Charles (Chuck) Brooks serves as Vice President and Client Executive for DHS at Xerox. Previously, he served in government at the Department of Homeland Security as the first Director of Legislative Affairs for the Science & Technology Directorate. Follow him @ChuckDBrooks on Twitter and on Linkedin at http://www.linkedin.com/in/chuckbrooks (File)
When the Department of Homeland Security (DHS) was formed back in 2003, 22 separate government agencies with more than 170,000 employees were combined into one. The vast scale of creating a new major government agency entailed defining the roles for these agencies and meshing their independent cultures, acquisition and procurement operations, HR, and IT systems.
Each agency had differing missions and priorities, so consolidating them created legislative and jurisdictional issues from the inception. The issues arose as a result of the urgency of forming the DHS and from the lack of experience that the then-current government leaders had in constructing such a large federal agency. The 9/11 Commission, co-chaired by the Hon. Thomas H. Kean and Hon. Lee Hamilton, provided the original guidance for the establishment of the DHS. One of their key 41 recommendations was to streameline congressional oversight. In 2004, the Center for Security and International Studies, and Business Executives for National Security (CSIS-BENS) Task Force on Congressional Oversight provided an excellent purview of the bureaucratic challenges in legislating homeland security. The report noted that 88 committees had some amount of jurisdiction over various aspects of homeland security prior to the creation of the DHS. In contrast it stated that the Department of Defense (DOD) was ten times the size of the DHS and reported to only 36 committees.
There was a meaningful chart that accompanied the CSIS-BENS Task Force study depicting the jurisdictional lines emanating from the congressional committees to the various DHS management components and sub-agencies. The lines were numerous and cumbersome and visually resembled a tangled spider web. I used that chart as a prop when I taught a “Homeland Security and Congress” course for two years at SAIS John Hopkins University. I also recollect that in the early days of the DHS my colleagues at the Office of Legislative Affairs (including me) had that “flow chart” taped to our walls as a working blueprint to track our outreach activities to the Hill. For the most part, the chart is still applicable. In fact, the oversight over the past decade has grown significantly and the DHS now reports to 119 different committees.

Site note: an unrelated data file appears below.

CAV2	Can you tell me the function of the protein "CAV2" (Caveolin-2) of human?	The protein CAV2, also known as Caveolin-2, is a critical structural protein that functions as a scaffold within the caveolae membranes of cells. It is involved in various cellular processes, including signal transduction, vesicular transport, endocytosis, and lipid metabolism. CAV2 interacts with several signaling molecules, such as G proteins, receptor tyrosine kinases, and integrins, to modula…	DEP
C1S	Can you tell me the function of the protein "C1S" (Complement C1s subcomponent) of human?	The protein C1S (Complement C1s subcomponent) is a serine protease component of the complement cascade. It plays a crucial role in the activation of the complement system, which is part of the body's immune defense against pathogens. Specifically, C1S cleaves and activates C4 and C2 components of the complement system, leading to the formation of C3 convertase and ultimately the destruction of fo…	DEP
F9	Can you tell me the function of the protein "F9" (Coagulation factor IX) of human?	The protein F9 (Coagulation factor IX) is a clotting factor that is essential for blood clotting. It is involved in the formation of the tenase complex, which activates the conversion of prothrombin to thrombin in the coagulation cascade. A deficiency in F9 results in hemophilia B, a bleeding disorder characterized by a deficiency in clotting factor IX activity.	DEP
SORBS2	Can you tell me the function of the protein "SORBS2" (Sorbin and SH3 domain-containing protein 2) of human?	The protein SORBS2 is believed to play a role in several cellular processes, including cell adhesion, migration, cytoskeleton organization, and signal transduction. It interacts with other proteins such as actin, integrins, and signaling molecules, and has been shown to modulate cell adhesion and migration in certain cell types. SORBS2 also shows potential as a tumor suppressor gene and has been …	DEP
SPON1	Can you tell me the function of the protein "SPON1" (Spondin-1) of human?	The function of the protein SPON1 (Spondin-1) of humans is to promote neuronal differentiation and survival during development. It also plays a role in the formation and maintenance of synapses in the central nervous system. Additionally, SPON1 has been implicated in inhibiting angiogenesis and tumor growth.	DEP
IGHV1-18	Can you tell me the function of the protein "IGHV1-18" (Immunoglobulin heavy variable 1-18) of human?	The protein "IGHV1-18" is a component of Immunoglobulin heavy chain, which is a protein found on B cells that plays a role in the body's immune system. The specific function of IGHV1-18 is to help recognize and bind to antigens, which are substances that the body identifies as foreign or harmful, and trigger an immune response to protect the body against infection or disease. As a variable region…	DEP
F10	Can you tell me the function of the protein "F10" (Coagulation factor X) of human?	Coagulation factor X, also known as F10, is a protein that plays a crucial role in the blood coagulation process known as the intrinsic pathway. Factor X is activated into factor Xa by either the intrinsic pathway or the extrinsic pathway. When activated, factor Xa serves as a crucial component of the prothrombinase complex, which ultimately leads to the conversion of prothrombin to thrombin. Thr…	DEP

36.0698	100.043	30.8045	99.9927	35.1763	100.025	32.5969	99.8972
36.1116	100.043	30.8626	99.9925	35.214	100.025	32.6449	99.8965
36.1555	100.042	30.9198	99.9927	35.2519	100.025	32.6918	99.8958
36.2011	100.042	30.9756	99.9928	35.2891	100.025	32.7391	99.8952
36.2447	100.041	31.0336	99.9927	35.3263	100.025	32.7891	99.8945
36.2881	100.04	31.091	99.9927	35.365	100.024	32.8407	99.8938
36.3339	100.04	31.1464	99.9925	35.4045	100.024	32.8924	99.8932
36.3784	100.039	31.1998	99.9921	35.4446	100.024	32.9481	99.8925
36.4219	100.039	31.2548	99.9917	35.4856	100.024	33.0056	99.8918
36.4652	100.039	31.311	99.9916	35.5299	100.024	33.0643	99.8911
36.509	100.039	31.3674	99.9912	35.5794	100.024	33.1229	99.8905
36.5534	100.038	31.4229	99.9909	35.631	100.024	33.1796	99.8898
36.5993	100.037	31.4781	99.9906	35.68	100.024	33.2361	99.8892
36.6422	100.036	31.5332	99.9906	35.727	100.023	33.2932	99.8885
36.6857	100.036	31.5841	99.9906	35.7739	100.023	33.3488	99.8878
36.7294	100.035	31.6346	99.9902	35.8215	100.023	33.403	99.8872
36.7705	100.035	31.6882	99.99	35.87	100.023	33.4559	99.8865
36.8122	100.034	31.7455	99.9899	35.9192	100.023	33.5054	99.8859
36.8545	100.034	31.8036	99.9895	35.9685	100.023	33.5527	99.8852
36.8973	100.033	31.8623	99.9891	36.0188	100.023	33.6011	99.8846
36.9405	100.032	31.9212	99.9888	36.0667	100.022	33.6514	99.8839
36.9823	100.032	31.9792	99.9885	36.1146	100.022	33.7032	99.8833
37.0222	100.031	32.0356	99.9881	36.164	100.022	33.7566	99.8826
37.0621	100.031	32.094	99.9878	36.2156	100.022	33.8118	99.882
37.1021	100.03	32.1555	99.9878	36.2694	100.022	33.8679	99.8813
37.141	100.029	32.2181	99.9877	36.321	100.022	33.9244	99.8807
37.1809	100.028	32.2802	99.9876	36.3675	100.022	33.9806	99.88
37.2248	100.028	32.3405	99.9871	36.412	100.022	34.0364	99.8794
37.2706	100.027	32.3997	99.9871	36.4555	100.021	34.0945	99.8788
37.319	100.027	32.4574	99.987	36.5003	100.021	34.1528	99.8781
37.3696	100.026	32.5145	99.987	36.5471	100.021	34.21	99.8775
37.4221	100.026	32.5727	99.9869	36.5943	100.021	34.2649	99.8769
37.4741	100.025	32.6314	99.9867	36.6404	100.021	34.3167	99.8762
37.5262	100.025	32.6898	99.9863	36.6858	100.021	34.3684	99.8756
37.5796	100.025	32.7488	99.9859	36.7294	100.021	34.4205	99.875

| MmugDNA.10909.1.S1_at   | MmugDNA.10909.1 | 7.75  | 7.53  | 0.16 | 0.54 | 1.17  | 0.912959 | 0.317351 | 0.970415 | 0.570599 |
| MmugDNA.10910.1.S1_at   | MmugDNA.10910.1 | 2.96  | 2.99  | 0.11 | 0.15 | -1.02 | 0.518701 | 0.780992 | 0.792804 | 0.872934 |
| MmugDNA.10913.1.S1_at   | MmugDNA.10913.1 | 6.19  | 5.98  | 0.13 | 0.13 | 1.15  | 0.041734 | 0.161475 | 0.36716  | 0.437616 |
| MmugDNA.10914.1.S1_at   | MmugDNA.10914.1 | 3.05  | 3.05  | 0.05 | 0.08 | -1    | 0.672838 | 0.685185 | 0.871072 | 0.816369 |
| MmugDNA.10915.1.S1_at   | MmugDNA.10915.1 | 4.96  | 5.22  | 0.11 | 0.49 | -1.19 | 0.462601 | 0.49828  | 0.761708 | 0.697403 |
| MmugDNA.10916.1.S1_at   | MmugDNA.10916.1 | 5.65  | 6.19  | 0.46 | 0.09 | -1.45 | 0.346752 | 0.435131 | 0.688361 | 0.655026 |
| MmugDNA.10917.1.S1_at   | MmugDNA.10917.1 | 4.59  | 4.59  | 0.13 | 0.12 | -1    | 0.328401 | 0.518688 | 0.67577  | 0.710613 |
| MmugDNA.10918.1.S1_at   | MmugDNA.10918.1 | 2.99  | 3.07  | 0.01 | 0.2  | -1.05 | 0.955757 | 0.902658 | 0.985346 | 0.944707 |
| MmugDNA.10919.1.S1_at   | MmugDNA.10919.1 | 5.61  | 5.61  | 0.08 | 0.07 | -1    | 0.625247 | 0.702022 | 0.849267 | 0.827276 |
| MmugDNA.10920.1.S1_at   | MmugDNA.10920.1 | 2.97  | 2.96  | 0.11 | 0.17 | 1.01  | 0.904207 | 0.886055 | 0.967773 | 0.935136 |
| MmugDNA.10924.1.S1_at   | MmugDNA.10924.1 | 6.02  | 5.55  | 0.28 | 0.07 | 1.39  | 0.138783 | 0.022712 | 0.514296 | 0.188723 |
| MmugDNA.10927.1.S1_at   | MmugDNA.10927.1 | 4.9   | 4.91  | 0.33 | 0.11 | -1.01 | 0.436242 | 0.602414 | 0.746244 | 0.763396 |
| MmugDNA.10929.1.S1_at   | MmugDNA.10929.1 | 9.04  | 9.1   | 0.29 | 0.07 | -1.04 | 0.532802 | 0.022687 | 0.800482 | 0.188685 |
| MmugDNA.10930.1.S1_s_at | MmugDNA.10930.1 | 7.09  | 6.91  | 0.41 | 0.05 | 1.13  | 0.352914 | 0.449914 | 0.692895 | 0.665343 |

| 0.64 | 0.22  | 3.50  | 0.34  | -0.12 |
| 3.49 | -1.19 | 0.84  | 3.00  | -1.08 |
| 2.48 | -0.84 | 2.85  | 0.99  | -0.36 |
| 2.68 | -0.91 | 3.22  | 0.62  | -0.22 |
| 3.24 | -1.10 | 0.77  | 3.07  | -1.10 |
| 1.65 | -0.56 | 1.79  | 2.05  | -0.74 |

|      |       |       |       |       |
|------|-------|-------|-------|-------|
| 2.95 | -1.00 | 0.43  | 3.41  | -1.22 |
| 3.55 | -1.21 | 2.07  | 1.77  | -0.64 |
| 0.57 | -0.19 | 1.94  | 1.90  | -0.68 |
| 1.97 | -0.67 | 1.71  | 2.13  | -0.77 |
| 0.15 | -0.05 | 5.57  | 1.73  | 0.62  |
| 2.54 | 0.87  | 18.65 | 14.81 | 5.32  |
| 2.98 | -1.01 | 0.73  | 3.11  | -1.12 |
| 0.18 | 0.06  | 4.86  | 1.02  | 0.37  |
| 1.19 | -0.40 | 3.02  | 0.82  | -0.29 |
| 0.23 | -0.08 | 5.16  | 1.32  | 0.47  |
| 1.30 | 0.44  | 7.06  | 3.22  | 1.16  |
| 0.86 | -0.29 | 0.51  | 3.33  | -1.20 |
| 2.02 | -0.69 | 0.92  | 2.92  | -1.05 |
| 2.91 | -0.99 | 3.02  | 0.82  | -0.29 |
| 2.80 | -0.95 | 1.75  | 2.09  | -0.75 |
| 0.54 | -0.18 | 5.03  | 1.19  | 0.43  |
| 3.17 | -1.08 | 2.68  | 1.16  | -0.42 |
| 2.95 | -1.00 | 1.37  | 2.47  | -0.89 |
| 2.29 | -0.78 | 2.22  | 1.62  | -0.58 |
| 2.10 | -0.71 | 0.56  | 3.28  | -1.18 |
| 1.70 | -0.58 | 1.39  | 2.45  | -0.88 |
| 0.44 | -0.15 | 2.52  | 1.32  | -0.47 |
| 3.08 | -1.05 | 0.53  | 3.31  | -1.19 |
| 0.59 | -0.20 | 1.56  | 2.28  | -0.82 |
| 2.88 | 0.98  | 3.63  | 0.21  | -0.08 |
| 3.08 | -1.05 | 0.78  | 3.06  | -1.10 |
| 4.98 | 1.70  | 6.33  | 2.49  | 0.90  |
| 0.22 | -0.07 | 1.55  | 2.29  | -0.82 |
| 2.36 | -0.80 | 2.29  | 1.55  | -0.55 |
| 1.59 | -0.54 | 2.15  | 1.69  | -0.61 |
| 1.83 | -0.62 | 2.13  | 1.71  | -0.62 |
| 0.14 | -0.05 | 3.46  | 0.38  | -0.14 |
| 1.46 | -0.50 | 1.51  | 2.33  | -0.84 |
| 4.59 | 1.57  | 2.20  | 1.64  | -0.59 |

Excessive governmental oversight can have a diminishing effect on performance. Complying with the oversight can be duplicative, messy and confusing. It requires time, resources, and effort spent on hearings, reporting requirements and answering Congressional queries. The DHS leadership can be characterized like a ship crew reporting to too many captains with differing views on how and where to sail. There is lot of activity but progress can be fleeting. Note that Congress has yet to pass an authorization bill for homeland security since its formation because a lack of agreement among the various committees. Thankfully the appropriators have been more unified and focused when handling the rudder to keep the DHS’s mission, priorities and capabilities afloat.
Unlike some other federal agencies with less scope and responsibilities, the DHS mission of protecting the homeland does require consensus and specialized expertise. This includes operating in areas such as law enforcement, counter-terrorism, emergency management, cybersecurity, protecting critical infrastructure, and detecting and negating potential weapons of mass destruction. Because of the DHS’s critical roles, Congress needs to ensure that the agency’s mission is never undermined. Oversight is an important function of that congressional duty.
But oversight requires balance and reform. The DHS has to be held accountable on how they spend their money, and on the success of their policies and programs. The policy and academic communities have offered several bi-partisan pragmatic frameworks for oversight reforms. A 2010 Heritage Foundation Study called, “Stopping the Chaos: A Proposal for Reorganization of Congressional Oversight of the Department of Homeland Security,” summed up the dilemma. “DHS, as one department, must answer to more than 100 committees and subcommittees ranging from Agriculture to Finance to Energy to Commerce – all of which are ones that the average American would have a difficult time understanding as being responsible for homeland security.” The Heritage proposal suggested reorganizing the DHS oversight into six full committees, three in the Senate an three in the House.
In April of 2013, the Annenberg Public Policy Center at the University of Pennsylvania and Aspen Institute convened The Sunnylands-Aspen Task Force that recommended new committee oversight to restructure Congress and the DHS. They recommended using the DOD model of fewer, more directed committees to streamline oversight processes. That would also reduce redundancy and be a cost-saving measure for the sub-agencies during a period of budget austerity where every dollar counts.
The DHS, like the DOD, is an agency with a national security mission. Emulating the DOD’s governing model does make sense. Enacting some of these oversight reforms suggested by the think-tank organizations, including the original 9/11 Commission, would be a prudent and responsible initiative for the next Congress to fulfill as we proceed into the DHS’s second decade of securing the homeland.